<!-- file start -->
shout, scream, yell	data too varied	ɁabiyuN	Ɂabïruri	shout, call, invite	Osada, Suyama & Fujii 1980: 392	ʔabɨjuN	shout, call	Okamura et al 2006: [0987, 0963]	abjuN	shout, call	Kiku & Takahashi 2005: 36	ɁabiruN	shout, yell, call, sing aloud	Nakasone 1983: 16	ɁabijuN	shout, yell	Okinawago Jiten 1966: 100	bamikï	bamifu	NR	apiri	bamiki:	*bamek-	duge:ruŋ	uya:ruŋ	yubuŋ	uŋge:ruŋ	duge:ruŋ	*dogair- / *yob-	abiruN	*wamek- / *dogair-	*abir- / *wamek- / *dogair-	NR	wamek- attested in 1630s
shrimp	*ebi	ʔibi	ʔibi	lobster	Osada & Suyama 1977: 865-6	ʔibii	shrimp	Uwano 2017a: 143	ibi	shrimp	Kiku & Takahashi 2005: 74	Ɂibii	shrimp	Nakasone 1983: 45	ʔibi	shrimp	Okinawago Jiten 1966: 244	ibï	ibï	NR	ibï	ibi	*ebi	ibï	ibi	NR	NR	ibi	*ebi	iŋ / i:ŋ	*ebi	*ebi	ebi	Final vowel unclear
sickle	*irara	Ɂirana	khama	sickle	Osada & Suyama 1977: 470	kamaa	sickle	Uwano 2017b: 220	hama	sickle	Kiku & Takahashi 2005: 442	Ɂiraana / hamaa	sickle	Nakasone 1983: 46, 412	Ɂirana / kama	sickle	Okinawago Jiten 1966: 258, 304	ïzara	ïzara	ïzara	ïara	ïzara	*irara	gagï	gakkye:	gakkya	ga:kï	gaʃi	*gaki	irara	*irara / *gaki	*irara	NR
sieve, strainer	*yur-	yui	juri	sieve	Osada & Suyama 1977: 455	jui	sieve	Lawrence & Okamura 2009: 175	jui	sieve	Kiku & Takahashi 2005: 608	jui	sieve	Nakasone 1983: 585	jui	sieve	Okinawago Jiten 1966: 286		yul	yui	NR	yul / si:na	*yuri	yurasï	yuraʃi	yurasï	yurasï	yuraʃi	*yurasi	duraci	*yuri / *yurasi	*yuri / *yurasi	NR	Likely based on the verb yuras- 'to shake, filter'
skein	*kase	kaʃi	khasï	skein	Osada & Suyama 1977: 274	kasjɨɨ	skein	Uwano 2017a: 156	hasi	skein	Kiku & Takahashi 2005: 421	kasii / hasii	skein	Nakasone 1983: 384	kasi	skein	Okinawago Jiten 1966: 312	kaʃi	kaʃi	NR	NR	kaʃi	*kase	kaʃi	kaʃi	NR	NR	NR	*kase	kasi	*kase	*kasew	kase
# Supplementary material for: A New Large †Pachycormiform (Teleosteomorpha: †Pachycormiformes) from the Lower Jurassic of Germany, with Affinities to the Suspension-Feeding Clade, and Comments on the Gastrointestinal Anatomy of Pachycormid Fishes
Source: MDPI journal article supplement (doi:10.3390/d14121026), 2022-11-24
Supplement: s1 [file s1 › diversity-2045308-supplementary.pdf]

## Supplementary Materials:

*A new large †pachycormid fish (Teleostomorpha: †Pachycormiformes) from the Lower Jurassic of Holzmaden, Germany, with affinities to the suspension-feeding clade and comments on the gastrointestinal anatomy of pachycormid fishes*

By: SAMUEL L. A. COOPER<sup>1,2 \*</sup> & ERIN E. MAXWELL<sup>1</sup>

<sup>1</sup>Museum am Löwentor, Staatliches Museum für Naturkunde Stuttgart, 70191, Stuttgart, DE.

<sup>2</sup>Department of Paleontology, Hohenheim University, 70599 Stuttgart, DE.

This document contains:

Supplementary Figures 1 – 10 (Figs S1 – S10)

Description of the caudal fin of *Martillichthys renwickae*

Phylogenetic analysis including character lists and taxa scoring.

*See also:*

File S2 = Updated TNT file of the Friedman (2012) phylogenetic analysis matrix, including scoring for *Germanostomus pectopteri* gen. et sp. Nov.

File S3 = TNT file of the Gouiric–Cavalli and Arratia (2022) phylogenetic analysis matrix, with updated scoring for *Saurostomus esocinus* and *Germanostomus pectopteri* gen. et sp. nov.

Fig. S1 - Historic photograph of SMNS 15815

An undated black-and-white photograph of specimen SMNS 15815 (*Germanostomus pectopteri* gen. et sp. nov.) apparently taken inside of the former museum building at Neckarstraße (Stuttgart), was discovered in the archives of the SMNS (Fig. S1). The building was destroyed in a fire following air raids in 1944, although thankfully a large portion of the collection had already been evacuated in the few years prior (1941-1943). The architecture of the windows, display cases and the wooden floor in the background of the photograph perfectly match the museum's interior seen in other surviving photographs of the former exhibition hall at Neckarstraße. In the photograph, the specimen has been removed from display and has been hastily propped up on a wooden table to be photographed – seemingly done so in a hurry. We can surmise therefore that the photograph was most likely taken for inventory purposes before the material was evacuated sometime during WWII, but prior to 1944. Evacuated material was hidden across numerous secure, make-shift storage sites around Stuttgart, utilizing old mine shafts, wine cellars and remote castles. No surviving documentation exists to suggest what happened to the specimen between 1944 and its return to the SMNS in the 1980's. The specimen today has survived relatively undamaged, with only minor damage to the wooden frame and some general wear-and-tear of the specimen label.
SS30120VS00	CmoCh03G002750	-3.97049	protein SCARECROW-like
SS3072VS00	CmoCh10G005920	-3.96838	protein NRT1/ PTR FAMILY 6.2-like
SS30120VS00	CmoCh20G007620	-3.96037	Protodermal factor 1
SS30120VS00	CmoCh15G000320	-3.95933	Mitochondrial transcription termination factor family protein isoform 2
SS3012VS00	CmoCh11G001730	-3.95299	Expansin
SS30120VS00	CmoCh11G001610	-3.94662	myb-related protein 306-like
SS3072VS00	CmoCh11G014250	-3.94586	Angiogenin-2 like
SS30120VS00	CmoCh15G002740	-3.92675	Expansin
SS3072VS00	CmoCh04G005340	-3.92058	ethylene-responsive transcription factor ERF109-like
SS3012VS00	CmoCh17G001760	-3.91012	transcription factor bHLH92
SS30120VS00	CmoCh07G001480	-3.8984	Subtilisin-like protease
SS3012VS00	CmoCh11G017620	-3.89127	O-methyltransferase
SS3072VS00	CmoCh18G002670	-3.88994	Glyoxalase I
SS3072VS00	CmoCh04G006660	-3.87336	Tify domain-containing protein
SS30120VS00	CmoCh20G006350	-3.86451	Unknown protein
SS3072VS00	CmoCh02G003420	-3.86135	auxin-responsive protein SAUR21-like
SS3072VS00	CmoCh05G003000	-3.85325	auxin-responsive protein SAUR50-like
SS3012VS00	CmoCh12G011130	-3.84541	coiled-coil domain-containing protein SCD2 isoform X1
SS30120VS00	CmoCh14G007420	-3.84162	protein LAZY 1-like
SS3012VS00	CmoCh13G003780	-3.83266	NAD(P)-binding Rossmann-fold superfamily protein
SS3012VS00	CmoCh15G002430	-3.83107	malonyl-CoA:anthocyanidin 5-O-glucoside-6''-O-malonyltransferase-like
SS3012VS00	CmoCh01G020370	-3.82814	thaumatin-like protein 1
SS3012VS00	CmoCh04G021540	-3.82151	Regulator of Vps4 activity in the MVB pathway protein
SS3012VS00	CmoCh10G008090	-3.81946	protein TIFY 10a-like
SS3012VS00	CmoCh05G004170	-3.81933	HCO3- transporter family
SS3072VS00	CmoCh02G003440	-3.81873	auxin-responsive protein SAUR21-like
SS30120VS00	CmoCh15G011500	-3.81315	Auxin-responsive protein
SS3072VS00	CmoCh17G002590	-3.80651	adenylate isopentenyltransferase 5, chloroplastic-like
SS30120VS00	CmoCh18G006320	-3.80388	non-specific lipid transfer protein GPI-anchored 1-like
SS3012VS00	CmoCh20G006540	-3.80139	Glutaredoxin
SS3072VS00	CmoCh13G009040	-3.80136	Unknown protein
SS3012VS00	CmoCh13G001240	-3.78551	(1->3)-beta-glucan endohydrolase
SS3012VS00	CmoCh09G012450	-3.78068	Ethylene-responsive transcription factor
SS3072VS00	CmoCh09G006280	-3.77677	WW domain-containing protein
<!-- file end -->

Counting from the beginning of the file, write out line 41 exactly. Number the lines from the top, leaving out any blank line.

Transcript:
SS30120VS00	CmoCh14G007420	-3.84162	protein LAZY 1-like